A Computing survey of senior IT managers with data centre responsibility finds that two per cent of them don't even know where the data centre is located within their own organisations, or how it is managed.
The same research reveals that six per cent of the senior IT managers surveyed have no idea how the budgets for new IT systems or data centre upgrades are allocated or managed, suggesting that they have little insight into board-level decision-making.
The findings came as no surprise to Computing's research team. Every year, Computing Research carries out dozens of surveys among its IT management readership, and in many of them the number of 'Don't knows' in response to simple questions is alarming.
For example, a new Computing survey of 102 IT leaders in the financial and professional services sectors finds that 27 per cent of respondents have no idea of the percentage annual increase of data within their organisations – enterprises that are wholly reliant on data and which are heavily regulated.
In the same survey (full results from which will be published later this month), 14 per cent of IT leaders said that they lack basic information about compliance, with many relying on word of mouth to inform them of changes in the law.
In April, Computing found yet more holes in IT leaders' basic knowledge of their own estates. Nine per cent of senior IT respondents to a survey said they have no idea how many physical servers are operated by their organisations, and 11 per cent have no idea of the number of virtual servers.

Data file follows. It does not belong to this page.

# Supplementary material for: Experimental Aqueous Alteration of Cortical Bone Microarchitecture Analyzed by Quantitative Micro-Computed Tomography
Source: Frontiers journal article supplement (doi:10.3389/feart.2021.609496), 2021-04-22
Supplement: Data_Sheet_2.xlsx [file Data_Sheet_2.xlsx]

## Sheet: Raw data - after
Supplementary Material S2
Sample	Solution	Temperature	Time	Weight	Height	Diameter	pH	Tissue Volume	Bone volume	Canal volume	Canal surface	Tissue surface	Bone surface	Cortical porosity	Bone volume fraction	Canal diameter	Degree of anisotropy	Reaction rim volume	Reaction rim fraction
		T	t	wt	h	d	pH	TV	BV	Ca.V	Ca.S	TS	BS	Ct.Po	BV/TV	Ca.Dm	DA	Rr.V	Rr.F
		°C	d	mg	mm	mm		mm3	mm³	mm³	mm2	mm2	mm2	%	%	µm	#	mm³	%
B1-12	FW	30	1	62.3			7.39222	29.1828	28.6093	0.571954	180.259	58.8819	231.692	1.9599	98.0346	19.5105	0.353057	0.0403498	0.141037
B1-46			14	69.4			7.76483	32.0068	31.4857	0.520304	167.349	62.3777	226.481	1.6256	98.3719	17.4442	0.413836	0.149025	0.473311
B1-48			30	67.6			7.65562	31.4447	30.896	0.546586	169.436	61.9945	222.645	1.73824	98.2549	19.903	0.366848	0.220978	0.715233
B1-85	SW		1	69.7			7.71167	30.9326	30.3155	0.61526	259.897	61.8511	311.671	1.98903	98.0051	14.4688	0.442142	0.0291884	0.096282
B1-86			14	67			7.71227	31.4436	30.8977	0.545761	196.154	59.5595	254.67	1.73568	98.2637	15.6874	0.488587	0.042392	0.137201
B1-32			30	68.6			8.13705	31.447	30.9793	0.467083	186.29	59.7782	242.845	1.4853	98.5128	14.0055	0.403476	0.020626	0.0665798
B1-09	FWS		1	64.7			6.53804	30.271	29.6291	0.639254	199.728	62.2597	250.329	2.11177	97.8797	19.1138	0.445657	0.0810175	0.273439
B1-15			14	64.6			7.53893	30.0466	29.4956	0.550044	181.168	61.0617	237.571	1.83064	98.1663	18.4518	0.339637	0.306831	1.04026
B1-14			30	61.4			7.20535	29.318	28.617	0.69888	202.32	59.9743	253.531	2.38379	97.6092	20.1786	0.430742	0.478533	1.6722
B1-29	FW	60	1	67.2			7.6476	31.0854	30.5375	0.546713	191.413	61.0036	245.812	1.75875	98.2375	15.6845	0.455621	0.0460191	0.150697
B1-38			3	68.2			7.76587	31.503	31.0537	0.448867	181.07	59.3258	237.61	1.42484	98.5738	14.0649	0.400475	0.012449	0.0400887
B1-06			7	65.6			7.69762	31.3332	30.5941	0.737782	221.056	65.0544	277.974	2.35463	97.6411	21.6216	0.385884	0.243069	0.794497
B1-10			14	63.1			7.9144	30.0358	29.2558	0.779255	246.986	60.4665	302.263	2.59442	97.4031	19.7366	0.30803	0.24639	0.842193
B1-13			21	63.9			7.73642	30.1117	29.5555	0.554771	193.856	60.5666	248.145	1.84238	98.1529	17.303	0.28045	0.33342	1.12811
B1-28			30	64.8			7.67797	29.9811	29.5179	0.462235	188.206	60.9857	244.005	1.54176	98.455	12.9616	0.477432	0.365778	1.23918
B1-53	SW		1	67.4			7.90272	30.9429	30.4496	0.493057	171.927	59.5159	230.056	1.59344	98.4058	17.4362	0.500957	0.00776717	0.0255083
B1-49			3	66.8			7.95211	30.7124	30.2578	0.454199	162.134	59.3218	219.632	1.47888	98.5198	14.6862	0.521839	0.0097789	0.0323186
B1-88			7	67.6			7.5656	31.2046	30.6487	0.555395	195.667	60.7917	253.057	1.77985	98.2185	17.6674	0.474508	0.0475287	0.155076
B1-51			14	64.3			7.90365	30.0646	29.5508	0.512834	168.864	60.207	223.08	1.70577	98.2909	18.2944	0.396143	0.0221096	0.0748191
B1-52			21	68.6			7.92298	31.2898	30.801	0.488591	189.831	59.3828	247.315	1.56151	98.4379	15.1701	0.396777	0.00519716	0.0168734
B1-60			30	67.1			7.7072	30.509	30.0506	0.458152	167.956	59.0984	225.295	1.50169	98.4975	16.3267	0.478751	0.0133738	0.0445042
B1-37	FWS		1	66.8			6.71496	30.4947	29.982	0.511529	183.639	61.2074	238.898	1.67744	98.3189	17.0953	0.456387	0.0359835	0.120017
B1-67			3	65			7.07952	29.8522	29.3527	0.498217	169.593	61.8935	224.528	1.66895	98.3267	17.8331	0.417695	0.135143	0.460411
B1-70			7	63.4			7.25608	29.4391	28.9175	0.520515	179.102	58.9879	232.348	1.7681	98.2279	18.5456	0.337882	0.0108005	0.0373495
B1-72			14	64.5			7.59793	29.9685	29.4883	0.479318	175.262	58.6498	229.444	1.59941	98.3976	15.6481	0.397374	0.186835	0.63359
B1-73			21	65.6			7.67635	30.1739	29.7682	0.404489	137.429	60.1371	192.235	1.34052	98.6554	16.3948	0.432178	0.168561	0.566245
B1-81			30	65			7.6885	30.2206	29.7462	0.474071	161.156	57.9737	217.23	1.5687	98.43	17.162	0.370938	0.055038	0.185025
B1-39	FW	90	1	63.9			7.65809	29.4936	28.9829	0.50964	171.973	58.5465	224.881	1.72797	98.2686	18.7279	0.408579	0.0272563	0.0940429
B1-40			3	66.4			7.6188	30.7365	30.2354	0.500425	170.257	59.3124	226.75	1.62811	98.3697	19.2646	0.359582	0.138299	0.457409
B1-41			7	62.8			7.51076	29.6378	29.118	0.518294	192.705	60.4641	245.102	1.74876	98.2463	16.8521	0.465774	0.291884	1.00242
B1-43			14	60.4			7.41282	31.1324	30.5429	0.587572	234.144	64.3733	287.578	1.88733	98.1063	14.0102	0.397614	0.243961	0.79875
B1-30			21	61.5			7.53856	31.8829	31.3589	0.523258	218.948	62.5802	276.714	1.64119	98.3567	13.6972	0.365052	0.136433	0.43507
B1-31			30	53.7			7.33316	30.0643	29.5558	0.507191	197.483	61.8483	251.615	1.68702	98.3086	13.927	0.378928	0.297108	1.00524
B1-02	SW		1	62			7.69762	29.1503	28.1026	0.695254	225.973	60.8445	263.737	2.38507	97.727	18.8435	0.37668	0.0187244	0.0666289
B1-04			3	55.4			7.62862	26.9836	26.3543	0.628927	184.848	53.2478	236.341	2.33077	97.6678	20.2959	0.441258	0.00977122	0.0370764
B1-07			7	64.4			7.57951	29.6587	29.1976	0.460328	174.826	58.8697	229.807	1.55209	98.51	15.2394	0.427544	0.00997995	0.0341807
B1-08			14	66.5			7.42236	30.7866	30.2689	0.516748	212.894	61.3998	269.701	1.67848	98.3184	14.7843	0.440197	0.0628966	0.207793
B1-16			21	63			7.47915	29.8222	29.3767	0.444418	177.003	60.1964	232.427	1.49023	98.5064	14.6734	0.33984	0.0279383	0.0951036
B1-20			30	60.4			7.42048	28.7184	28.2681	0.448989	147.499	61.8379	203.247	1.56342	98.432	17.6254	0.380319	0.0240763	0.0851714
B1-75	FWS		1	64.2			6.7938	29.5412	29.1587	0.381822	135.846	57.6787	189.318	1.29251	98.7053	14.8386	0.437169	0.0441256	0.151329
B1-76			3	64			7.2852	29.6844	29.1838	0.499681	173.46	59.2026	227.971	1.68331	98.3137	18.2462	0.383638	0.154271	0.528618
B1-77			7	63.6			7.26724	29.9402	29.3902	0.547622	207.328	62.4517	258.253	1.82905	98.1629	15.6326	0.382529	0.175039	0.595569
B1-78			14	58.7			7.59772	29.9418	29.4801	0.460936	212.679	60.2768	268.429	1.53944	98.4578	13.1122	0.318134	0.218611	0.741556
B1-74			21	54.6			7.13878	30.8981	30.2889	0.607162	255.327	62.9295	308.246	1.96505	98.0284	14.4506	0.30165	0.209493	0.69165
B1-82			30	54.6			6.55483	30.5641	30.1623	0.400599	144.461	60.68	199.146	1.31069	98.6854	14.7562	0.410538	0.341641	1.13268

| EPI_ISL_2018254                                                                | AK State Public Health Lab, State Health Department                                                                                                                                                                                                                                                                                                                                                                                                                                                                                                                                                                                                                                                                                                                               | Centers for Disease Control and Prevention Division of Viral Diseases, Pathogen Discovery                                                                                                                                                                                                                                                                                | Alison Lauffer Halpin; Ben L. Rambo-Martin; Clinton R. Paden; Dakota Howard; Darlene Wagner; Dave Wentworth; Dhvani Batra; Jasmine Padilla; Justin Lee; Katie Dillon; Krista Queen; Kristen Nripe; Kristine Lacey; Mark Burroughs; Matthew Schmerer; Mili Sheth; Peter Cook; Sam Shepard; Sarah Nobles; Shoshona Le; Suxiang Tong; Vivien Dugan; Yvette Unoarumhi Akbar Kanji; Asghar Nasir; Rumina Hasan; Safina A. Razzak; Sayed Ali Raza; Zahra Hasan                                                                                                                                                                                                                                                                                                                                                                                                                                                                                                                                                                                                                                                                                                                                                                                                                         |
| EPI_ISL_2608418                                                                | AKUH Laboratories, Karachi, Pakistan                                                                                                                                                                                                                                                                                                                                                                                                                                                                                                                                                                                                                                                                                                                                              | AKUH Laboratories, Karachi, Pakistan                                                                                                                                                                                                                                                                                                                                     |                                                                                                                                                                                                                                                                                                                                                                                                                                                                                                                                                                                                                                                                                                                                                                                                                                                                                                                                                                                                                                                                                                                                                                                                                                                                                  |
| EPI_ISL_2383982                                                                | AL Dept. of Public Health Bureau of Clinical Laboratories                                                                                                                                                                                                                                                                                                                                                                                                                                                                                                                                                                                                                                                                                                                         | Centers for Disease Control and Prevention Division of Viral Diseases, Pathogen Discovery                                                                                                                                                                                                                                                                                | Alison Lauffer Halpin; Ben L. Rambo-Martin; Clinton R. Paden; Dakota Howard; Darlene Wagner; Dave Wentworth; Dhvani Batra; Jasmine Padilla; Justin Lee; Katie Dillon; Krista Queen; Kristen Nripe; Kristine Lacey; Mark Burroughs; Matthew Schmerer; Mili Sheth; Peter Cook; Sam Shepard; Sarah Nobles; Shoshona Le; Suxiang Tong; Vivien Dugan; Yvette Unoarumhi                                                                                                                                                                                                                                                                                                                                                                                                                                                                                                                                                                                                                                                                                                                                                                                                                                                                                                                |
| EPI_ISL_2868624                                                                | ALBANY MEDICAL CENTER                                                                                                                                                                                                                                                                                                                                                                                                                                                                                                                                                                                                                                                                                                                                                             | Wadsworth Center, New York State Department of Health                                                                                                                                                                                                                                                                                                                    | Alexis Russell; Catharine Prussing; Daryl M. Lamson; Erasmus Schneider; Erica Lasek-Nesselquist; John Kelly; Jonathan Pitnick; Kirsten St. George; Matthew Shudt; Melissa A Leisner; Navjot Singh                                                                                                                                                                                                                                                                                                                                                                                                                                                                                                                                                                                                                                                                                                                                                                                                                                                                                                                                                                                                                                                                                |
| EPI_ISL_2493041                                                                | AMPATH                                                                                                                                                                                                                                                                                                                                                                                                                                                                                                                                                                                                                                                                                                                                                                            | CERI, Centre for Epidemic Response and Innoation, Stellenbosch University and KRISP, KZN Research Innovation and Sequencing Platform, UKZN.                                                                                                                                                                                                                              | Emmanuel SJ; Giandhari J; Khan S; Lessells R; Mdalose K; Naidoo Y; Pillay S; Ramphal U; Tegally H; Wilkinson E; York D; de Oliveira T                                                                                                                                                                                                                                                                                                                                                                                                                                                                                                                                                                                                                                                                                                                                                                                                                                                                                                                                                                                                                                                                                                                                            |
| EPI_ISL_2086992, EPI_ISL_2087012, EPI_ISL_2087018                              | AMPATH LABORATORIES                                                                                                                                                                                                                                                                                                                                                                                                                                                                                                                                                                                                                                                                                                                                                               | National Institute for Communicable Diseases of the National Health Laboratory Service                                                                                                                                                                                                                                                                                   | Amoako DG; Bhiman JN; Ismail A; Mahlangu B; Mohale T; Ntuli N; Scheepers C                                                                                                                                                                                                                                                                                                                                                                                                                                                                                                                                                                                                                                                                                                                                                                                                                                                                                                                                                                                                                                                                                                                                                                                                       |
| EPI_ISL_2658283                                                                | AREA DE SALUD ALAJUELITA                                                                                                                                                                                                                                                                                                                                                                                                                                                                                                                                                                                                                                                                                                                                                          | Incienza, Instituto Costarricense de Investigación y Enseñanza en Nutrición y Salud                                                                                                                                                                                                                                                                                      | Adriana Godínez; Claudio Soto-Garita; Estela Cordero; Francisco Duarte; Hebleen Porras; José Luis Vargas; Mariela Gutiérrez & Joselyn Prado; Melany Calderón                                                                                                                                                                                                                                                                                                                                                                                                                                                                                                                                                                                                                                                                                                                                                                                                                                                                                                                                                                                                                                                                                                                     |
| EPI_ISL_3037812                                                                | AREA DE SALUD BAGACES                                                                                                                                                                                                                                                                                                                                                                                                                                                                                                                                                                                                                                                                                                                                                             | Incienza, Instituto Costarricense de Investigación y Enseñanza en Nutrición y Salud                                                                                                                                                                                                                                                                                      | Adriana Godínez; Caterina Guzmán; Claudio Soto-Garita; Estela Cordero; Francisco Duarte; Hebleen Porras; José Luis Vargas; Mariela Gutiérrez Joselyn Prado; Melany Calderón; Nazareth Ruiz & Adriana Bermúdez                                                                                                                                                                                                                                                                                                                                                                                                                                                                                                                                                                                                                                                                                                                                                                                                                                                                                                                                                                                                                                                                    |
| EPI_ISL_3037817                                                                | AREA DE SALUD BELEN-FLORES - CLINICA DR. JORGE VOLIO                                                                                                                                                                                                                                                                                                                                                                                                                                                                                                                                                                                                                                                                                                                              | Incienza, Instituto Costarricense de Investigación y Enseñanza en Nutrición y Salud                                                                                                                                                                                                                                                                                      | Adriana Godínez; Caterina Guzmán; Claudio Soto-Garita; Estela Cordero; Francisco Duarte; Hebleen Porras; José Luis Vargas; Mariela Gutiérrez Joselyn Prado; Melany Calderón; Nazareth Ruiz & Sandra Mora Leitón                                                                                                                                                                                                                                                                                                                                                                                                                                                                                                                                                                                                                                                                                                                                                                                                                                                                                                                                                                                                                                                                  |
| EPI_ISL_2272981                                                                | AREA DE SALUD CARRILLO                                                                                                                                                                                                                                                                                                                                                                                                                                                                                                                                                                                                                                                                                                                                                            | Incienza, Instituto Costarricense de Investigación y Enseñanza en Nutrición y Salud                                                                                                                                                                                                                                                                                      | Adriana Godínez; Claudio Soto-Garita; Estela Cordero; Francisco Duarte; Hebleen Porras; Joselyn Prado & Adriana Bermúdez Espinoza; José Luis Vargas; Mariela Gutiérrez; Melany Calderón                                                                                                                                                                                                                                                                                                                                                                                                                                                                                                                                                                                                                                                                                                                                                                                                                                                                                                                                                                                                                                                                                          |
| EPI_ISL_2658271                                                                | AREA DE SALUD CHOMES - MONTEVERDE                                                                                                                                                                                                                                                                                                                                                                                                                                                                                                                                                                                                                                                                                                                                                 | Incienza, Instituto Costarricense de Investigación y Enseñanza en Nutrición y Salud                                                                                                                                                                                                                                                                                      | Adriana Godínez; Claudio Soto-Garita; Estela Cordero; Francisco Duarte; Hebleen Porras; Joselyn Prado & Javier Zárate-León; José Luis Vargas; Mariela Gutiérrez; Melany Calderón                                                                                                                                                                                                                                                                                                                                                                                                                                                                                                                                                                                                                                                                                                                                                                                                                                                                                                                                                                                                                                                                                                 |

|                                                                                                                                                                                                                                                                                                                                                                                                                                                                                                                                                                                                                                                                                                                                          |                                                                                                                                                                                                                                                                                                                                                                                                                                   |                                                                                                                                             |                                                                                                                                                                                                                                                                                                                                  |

The same research found that seven per cent of IT leaders don't know whether their own organisation uses public or private cloud versions of either PaaS, IaaS, or SaaS, while 18 per cent have no idea if there is any plan to upgrade the organisation's IT infrastructure at any point in the future.
Another survey published recently by Computing found that six per cent of IT managers have no idea what their own approach to application security risk management is. Nine per cent of respondents could not say which types of application are protected by their own security systems, and which are not.
Security was also a problem in a January 2014 survey of IT decision-makers, in which Computing found that 14 per cent have no idea what web application security measures their own organisation operates. Five per cent of respondents said they have no idea what is protected by the web application firewall.
Other recent Computing research has found a similar lack of knowledge among industry professionals. For example, a December 2013 survey of 110 senior IT decision-makers found that six per cent don't know what information governance programmes or policies exist within their own organisations.
Five per cent of respondents said that their management boards have no idea where security threats come from, what the risks are, or what they should do about it.
A Computing survey of 270 senior IT managers, published in August 2013, found that 13 per cent of respondents have no idea what mobile operating systems they have authorised the use of within their own BYOD policies, raising questions about the security of their enterprise systems.
In November 2013, Computing found that 11 per cent of IT managers don't know if sensitive data might be at risk within the organisation because of employees', teams', and/or departments' unauthorised use of cloud platforms, applications or tools.
Unsurprisingly, eight per cent of the IT leaders surveyed said that they don't know how much the use of 'shadow' IT systems is growing within their organisations, with departments mixing and matching their own solutions from public cloud platforms.
Sometimes, the power of the mainframe is the most cost effective answer. Computing's Peter Gothard puts Computing's readers' questions on the future of the mainframe to IBM's Z13 expert Steven Dickens.
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